How to Strengthen the Will
Charlotte Mason gives us incredibly refreshing advice for dealing with a tired will. Instead of giving thought to the temptation, of ruminating over what we should not have, and setting up mental patterns of dwelling on temptation, we should instead think of something else.
Rather than entering into an internal battle where we engage our reason to support us in doing what is right, we ‘think of something that is quite different’. Charlotte Mason says that we should be ready with something diverting, enjoyable, pleasant to think about. A beautiful picture, a poem or a song, an interesting story you’ve read recently, anything to distract you from the temptation at hand. When we give our wills a rest from the battle, we go back to it with renewed strength and perspective, the immediate gratification will have lost some of its gleam, and we will find it much easier to make the right choice.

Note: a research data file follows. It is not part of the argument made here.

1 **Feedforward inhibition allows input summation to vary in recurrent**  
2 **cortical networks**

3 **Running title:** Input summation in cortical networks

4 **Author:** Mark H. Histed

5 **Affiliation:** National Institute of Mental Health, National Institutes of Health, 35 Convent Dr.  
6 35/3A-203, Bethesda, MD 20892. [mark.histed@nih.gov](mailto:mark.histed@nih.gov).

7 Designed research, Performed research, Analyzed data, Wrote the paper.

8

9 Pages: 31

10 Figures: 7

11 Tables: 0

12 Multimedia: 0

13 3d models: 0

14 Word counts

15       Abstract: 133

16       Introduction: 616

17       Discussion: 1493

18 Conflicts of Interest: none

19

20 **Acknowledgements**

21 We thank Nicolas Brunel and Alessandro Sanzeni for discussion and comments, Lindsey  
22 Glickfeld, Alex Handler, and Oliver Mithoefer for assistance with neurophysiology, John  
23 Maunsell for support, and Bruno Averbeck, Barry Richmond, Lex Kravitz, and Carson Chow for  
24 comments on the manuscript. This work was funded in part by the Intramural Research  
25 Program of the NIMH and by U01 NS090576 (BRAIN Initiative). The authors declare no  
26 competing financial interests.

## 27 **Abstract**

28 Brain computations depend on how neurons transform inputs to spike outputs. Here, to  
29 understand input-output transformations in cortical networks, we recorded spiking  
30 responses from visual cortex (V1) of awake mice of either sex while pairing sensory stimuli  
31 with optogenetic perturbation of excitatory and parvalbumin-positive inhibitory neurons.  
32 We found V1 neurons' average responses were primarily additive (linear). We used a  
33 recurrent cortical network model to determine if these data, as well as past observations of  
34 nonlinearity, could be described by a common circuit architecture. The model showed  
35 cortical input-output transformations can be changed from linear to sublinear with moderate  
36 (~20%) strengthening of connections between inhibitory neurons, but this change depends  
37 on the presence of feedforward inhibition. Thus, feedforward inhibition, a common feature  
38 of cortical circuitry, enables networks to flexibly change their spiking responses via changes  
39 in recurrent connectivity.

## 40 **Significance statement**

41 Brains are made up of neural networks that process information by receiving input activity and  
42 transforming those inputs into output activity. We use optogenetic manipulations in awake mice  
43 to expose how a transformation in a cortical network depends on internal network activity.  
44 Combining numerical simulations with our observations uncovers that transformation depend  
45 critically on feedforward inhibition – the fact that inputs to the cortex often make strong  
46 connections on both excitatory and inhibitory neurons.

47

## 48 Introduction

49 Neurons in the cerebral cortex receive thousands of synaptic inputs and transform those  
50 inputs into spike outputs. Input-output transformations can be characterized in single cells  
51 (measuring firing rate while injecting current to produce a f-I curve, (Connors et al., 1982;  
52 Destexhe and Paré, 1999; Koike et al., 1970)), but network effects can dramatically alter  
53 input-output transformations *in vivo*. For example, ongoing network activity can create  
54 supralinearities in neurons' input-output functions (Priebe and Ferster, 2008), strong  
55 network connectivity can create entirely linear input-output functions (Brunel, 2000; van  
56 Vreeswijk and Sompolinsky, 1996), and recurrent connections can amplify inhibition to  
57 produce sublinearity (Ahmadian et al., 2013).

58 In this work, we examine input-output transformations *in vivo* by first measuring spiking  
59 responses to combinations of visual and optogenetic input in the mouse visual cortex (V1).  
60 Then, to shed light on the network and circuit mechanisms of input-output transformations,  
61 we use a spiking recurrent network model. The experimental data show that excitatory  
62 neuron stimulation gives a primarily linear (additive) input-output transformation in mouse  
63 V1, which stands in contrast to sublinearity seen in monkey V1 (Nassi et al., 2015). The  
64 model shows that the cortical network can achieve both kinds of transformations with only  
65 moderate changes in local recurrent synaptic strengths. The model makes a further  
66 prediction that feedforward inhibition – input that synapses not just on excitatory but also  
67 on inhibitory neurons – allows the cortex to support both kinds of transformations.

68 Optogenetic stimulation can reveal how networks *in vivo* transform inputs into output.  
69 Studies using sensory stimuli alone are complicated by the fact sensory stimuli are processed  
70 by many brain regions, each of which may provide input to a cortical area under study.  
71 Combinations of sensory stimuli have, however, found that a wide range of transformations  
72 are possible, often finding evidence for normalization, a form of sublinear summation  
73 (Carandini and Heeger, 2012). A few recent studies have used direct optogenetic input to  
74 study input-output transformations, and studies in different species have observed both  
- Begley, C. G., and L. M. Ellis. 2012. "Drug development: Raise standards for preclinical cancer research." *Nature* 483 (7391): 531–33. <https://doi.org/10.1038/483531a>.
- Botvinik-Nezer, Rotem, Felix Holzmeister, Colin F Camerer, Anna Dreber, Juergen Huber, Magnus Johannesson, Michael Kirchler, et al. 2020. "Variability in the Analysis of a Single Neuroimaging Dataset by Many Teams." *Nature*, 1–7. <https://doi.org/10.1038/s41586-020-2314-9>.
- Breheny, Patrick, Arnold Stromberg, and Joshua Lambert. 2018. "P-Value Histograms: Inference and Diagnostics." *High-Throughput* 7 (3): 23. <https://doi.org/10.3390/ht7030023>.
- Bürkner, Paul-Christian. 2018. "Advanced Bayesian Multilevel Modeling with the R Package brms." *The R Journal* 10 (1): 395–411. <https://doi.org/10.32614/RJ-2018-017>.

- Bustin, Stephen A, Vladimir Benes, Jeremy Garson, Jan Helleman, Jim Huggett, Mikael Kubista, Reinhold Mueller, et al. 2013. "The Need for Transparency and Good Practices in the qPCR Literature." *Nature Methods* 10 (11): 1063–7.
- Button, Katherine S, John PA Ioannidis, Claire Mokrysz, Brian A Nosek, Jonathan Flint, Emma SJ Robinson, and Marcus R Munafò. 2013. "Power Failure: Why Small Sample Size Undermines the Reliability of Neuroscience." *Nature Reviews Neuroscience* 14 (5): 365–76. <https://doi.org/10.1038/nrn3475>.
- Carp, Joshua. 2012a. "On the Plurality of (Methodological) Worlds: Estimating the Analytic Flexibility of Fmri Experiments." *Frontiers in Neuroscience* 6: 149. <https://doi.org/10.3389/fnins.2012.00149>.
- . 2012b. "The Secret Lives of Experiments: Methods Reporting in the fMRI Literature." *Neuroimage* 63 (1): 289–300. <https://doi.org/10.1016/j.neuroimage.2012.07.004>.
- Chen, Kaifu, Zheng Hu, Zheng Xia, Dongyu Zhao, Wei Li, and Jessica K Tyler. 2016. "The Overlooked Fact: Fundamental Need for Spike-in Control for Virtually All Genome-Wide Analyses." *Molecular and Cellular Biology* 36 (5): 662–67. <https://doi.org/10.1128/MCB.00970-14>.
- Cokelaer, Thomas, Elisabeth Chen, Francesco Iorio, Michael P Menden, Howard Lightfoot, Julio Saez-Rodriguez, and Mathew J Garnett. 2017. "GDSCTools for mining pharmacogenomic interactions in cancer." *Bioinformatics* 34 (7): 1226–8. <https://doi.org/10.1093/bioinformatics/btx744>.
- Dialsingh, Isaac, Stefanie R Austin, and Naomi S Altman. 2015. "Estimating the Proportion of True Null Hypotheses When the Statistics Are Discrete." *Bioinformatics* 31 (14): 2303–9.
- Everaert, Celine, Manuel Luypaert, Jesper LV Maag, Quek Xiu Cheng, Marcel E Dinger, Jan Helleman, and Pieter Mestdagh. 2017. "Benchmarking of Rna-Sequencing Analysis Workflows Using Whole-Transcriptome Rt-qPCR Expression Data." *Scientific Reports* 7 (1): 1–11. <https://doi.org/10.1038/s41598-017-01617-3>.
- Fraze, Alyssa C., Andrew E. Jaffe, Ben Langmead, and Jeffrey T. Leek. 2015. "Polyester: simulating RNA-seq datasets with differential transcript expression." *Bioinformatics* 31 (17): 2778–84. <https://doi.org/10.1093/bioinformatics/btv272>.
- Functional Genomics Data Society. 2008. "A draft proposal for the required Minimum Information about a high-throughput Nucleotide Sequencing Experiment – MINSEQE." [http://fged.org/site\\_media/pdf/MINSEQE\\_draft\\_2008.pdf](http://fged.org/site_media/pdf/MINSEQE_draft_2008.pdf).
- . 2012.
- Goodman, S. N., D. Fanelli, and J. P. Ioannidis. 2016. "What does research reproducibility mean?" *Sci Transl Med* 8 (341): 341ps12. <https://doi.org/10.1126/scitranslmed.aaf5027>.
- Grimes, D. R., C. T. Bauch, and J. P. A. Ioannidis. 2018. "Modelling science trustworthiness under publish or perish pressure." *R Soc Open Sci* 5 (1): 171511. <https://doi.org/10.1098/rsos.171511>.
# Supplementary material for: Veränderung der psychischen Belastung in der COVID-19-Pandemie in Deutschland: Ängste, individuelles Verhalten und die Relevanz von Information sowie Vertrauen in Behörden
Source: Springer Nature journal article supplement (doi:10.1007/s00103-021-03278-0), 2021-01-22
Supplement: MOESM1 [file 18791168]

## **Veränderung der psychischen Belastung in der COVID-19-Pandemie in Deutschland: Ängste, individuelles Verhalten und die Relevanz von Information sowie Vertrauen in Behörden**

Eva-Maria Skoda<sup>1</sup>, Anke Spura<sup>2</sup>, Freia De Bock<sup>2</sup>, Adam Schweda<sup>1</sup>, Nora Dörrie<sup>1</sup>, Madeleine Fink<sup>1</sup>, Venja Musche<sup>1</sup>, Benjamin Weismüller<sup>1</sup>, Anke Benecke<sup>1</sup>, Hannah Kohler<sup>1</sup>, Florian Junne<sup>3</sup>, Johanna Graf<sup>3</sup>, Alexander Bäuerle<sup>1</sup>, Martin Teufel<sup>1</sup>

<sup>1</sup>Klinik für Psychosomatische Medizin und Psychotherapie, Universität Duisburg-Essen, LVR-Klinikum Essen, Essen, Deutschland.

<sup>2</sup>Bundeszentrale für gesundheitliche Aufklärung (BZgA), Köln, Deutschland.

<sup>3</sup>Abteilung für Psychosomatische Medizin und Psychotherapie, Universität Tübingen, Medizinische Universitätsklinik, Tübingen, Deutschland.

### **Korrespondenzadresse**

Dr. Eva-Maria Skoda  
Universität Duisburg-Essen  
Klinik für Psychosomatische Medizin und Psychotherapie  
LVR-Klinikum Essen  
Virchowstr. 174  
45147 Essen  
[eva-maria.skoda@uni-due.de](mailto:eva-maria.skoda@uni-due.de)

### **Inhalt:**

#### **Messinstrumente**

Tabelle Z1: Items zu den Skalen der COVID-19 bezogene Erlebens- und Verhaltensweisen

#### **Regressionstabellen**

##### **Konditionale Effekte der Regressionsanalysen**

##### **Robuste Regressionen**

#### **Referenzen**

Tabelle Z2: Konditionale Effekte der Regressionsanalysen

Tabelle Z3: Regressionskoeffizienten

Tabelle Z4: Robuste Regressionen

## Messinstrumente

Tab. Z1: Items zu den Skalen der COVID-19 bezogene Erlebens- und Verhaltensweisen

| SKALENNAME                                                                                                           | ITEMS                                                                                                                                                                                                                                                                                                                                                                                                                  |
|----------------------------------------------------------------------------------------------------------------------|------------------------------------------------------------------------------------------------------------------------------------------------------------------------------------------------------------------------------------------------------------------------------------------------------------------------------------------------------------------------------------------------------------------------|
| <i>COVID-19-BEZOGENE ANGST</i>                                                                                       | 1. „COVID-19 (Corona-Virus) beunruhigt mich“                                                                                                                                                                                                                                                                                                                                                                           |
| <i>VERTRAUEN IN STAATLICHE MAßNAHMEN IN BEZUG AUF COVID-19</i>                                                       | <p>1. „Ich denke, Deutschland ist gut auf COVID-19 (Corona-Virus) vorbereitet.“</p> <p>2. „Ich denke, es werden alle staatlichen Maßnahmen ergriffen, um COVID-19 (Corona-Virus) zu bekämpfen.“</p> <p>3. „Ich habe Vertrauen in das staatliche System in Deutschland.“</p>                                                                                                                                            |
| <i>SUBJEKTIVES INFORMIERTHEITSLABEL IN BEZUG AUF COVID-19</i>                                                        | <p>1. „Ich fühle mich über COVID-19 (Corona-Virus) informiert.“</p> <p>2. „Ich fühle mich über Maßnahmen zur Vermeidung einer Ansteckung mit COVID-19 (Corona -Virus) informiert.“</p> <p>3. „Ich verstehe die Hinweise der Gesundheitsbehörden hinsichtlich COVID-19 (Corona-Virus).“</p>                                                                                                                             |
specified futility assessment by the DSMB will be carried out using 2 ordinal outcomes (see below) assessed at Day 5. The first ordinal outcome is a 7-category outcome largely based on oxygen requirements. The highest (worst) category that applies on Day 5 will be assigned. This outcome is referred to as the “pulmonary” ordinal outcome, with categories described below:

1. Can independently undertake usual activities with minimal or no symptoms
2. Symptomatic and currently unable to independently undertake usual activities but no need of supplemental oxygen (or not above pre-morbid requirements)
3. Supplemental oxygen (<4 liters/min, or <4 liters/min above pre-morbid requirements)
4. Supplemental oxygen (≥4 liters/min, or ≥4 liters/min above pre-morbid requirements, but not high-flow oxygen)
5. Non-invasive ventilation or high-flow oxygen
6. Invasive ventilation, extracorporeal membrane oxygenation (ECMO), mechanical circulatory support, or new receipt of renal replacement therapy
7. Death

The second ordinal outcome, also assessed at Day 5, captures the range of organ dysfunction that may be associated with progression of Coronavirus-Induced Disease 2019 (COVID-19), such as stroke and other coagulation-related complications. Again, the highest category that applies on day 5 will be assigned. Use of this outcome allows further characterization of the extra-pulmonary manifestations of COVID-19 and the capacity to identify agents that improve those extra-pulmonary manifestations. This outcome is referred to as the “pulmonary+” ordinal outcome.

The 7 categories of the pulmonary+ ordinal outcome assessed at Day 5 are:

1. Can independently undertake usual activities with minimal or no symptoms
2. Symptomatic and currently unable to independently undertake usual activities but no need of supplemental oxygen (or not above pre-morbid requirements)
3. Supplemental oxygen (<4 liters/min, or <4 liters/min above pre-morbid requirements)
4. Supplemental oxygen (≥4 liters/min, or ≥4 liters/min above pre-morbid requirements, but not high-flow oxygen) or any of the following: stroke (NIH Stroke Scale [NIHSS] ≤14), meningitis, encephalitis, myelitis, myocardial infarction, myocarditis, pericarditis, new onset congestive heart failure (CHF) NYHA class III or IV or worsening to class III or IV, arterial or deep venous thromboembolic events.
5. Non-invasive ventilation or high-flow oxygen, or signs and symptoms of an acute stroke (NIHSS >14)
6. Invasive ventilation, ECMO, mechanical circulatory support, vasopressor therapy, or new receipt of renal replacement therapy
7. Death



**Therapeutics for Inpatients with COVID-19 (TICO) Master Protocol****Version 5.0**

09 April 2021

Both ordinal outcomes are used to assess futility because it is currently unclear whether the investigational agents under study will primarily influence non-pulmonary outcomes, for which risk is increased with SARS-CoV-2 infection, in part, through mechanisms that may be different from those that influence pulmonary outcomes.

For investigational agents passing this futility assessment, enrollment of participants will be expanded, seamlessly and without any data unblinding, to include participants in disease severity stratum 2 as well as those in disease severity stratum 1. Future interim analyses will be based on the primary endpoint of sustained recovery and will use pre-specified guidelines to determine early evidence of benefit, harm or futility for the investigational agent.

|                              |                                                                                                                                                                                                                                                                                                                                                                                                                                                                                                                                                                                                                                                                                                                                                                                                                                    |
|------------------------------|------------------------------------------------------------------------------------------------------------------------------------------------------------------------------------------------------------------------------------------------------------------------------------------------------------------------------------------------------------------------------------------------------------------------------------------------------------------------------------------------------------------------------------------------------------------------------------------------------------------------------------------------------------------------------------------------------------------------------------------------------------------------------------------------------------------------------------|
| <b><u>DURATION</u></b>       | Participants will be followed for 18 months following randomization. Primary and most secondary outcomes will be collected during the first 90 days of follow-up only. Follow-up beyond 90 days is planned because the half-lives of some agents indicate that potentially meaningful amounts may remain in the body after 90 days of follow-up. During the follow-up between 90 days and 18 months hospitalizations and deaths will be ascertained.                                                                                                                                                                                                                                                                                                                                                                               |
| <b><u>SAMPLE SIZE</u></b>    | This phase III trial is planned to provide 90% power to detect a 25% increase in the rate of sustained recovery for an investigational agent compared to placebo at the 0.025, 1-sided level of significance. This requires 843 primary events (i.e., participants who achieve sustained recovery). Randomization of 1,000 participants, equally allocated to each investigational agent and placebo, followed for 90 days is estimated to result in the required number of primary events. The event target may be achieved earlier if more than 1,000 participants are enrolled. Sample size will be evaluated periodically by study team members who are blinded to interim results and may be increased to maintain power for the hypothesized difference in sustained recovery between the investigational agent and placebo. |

A Biblical Basis for the Way of the Will
Now I think that many modern Christians struggle to make sense of this. We have a cultural mindset that equates effort with virtue. This mindset tells us that if I struggle to do the right thing, and manage it in the end, then I am more virtuous than if I found it easy to do the right thing in the first place. We are skeptical of ideas that suggest that our efforts show weakness rather than strength. After all, Paul himself wrote, “For what I want to do I do not do, but what I hate I do.” (Romans 7:15b).
I hope to unpack these ideas more in the future, but for now, here are a few Biblical reasons why I think we should pay attention to Charlotte Mason’s ideas on the way of the will.